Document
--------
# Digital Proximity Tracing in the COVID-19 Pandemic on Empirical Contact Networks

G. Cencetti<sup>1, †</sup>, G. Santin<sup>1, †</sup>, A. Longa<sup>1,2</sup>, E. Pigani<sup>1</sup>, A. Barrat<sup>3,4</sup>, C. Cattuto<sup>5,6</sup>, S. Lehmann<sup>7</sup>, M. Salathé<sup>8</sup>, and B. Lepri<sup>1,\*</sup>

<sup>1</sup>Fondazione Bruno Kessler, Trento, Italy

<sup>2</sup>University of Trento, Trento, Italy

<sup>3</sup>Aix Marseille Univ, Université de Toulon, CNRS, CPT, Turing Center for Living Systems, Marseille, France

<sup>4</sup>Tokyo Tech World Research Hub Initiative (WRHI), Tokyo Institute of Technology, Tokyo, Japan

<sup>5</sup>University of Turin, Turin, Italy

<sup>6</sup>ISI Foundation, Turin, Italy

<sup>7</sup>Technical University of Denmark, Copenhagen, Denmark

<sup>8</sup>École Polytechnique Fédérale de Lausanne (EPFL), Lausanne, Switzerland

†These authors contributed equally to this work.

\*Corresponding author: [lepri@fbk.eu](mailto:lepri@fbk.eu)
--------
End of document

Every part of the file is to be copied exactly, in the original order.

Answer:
# Digital Proximity Tracing in the COVID-19 Pandemic on Empirical Contact Networks

G. Cencetti<sup>1, †</sup>, G. Santin<sup>1, †</sup>, A. Longa<sup>1,2</sup>, E. Pigani<sup>1</sup>, A. Barrat<sup>3,4</sup>, C. Cattuto<sup>5,6</sup>, S. Lehmann<sup>7</sup>, M. Salathé<sup>8</sup>, and B. Lepri<sup>1,\*</sup>

<sup>1</sup>Fondazione Bruno Kessler, Trento, Italy

<sup>2</sup>University of Trento, Trento, Italy

<sup>3</sup>Aix Marseille Univ, Université de Toulon, CNRS, CPT, Turing Center for Living Systems, Marseille, France

<sup>4</sup>Tokyo Tech World Research Hub Initiative (WRHI), Tokyo Institute of Technology, Tokyo, Japan

<sup>5</sup>University of Turin, Turin, Italy

<sup>6</sup>ISI Foundation, Turin, Italy

<sup>7</sup>Technical University of Denmark, Copenhagen, Denmark

<sup>8</sup>École Polytechnique Fédérale de Lausanne (EPFL), Lausanne, Switzerland

†These authors contributed equally to this work.

\*Corresponding author: [lepri@fbk.eu](mailto:lepri@fbk.eu)